Amos Smart, Sefton, Waimakariri 1850-1919
Star, 20 Dec 1910 - THE OLD COLONIST Looking Backward.
In The Days Of Long Ago ~ Mr Amos Smart, one of the arrivals by the Randolph, now a farmer at Sefton, told something about the way the new arrivals in the province had to put their shoulder to the wheel sixty years ago. Mr Smart came out under Mr Henry Phillips and was twenty-two at the time he arrived in Lyttelton. His first job was as cook for Mr Phillip's employees at Lyttelton, his culinary experience having been picked up on the voyage out in the Randolph. Next he was required to turn carter and assisted from some time in carting timber from the little landing stage on the Avon at "The Bricks" (near what is now the Barbadoes Street Bridge) to the site of the Public Works buildings, which were then in course of construction. In the absence of roads the carting was a pretty strenuous business. The pay was 4s 6d a day. On two nights in each week Mr Smart was required to go over the hills to Lyttelton and bring back 200lb of flour on a pack-horse. That business took all night and he had to start carting again at eight o'clock next morning, so that twice a week he had no sleep at night at all. On leaving the carting job he entered the service of Mr John Deans, where he "did anything his hand found to do." Amongst other things he planted the thorn fences which still remain on the Deans Estate. One carting job still sticks in Mr Smart's memory and that was the transporting of the iron for the fireplace in Mr John Anderson's first house.
Press, 6 Sep 1913 "I Remember" When The World Was Young Beginnings Of Sefton
Mr Amos Smart is one of the pioneers of Sefton and in an interview with a 'Press' representative he gave some particulars of his voyage out from Home and of his early labours in Canterbury.
"Our ship, the Randolph" said Mr Smart, "sailed from Plymouth on September 8th 1859, just sixty-three years since and arrived at Port Lyttelton at 3.30p.m. on December 16th. The 'Charlotte Jane', which left the same port at noon on September 7th, had beaten us by 5½ hours. The 'Sir George Seymour' and 'Cressy', which weighed anchor to leave the Old Land for the Antipodes, arrived one day and nine days later respectively. The event of the voyage of the 'Randolph' was that a passenger booked by the 'Charlotte Jane' who was left and came with us - Mr Cyrus Davie - was able to join his ship and his belongings in mid-ocean and he beat us in the race for Canterbury. There were eleven of my family and three are still living. It was possible in those days to get work with only a few who had money to employ labour."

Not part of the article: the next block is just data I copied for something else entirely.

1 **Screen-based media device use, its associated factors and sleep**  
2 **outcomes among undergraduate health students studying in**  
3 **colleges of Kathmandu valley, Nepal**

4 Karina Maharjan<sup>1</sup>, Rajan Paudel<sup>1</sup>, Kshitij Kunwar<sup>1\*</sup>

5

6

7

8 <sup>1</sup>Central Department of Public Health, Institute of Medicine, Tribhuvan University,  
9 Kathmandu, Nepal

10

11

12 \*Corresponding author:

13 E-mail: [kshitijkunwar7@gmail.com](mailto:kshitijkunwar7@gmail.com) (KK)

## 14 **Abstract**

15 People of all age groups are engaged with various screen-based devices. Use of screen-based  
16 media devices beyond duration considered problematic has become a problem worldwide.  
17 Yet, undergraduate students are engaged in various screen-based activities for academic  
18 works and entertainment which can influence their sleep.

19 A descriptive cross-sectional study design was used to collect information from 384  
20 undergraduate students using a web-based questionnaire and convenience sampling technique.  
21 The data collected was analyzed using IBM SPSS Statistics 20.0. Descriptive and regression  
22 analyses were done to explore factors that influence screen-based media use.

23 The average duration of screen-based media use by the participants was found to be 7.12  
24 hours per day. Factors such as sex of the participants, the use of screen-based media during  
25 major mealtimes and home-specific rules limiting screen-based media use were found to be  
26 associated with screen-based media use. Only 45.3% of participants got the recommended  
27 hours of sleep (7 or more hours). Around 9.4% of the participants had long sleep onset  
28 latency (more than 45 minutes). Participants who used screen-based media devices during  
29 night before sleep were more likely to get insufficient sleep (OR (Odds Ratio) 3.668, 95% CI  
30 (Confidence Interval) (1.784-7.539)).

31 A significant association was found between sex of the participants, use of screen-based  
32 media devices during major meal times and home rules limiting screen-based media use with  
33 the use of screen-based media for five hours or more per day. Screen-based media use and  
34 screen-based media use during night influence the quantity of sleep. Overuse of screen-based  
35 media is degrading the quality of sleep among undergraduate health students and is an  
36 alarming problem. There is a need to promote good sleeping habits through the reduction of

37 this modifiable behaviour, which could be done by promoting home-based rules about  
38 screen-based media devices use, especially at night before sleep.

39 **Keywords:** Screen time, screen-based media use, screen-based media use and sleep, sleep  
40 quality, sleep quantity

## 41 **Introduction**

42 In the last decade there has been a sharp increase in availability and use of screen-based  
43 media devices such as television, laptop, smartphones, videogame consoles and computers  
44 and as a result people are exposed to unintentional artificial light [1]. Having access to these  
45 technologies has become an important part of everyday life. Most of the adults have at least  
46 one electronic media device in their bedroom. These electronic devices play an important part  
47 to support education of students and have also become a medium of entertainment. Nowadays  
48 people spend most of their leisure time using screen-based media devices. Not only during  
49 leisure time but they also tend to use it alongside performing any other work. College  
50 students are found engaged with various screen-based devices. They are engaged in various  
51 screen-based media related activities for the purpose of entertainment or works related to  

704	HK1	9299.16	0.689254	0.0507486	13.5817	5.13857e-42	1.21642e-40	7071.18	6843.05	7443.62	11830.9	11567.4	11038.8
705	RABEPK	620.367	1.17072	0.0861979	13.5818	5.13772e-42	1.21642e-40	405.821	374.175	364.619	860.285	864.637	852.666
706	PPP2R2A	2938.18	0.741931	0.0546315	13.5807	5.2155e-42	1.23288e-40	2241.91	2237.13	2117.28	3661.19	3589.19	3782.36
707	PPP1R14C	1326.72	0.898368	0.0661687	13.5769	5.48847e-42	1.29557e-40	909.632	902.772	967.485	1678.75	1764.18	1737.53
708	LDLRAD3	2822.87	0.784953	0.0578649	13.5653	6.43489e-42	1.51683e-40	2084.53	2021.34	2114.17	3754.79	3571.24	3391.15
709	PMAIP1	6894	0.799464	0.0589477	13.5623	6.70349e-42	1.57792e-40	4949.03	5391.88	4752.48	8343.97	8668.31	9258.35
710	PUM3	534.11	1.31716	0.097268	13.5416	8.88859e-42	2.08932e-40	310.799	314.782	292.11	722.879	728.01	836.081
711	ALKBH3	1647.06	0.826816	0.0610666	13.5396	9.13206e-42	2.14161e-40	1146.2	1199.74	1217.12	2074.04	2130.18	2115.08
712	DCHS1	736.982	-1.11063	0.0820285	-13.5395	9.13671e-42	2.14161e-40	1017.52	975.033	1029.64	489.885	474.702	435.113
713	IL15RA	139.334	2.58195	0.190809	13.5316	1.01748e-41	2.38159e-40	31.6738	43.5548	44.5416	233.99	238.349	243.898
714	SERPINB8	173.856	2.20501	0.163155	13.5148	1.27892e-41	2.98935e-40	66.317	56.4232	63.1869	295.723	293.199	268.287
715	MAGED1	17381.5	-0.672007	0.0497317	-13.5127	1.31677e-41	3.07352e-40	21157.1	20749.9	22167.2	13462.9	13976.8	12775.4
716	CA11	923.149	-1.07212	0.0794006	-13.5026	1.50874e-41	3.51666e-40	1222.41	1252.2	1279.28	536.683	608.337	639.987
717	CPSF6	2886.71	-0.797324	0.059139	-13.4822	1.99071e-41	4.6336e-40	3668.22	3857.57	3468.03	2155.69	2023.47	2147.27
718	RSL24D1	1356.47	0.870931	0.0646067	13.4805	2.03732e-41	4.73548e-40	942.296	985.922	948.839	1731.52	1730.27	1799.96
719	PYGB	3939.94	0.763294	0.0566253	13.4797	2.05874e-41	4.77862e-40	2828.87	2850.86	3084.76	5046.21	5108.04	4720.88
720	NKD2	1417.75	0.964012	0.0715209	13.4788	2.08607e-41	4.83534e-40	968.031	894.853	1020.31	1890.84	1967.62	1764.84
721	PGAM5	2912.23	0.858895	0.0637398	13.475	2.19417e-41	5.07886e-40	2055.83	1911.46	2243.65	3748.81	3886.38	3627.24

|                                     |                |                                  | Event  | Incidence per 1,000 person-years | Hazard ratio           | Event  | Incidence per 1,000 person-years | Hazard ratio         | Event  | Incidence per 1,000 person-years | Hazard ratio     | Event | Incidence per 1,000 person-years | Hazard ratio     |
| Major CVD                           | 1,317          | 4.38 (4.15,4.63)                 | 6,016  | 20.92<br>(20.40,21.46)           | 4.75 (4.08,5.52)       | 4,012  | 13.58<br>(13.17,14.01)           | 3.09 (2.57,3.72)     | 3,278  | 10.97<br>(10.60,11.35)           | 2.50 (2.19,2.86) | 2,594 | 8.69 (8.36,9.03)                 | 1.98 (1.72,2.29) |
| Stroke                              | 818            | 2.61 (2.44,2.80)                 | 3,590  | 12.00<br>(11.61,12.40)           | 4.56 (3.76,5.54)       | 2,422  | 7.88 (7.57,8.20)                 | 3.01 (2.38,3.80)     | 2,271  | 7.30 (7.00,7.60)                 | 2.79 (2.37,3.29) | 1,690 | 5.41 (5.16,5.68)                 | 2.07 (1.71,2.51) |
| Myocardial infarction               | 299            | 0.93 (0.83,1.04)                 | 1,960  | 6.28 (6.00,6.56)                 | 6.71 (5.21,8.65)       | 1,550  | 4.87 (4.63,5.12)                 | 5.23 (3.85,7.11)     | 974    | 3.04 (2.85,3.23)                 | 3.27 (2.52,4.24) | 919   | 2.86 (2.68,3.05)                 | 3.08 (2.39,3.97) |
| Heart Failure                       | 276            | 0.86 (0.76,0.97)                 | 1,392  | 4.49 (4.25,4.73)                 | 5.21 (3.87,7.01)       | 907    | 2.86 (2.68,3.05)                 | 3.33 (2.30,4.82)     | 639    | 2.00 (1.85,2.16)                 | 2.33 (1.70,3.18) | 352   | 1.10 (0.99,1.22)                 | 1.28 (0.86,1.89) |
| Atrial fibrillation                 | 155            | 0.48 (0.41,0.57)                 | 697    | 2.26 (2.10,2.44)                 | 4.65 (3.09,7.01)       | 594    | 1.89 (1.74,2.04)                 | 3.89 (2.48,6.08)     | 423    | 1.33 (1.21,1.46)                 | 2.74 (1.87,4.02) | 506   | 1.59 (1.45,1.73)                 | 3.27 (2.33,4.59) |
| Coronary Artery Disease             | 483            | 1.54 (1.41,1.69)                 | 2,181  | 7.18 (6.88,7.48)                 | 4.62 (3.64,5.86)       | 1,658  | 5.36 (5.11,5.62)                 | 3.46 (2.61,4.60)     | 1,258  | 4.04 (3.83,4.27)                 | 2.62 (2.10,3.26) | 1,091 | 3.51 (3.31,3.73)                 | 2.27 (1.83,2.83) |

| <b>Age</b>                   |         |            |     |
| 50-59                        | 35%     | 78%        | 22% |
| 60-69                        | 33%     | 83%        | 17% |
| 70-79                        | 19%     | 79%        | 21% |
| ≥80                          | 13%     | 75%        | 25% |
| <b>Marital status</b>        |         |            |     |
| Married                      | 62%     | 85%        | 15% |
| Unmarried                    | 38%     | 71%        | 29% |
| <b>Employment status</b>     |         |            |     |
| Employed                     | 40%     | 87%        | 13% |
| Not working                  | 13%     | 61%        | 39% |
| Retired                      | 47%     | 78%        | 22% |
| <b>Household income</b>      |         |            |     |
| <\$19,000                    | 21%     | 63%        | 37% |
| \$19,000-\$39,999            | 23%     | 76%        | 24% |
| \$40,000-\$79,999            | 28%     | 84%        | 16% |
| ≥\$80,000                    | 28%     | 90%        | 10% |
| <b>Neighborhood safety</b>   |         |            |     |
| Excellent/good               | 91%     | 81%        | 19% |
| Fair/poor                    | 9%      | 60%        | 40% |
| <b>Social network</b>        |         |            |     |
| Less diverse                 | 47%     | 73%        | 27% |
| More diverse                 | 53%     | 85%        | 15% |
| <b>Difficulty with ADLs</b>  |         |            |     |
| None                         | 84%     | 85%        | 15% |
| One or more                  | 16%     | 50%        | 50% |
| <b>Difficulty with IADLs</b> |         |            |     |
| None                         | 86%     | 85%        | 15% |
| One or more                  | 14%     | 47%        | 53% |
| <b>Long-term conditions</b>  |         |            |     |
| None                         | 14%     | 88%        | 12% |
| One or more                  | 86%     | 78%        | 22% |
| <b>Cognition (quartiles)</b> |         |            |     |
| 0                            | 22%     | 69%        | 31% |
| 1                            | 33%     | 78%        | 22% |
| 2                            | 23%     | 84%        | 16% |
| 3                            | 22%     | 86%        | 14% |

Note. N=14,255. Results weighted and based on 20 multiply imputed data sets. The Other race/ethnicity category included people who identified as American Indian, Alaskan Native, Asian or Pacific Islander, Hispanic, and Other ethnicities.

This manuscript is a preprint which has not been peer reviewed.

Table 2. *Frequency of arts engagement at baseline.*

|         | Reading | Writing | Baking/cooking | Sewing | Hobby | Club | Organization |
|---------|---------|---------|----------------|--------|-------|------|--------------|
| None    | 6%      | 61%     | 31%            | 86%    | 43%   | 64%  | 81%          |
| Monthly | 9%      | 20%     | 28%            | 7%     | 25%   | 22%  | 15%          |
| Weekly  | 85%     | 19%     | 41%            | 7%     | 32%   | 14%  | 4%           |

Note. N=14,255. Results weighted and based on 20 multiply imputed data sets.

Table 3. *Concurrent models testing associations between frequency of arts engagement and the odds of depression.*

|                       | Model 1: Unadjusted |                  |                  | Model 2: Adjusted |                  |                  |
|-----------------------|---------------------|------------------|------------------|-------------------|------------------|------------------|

Some of Mr Smart's first work was put in on the Riccarton Bush estate of Mr John Deans and also for Mr W. Guise Brittan (William Guise Brittan, (1809-1876) first Commissioner of Crown Lands for Canterbury). It was while so employed that he put up the first official flagpole in Christchurch in front of the Land Office. Mr Smart was engaged to bring in two posts from Riccarton bush for a rain gauge and a sun dial respectively and brought in the flagpole in question, which stood in the then centre of the city in a space subsequently known as the Market Place. It was cut by the Smart brothers and carted out by Mr William Todd, who was the possessor of a team comprising a chestnut and a grey, the latter called Turpin.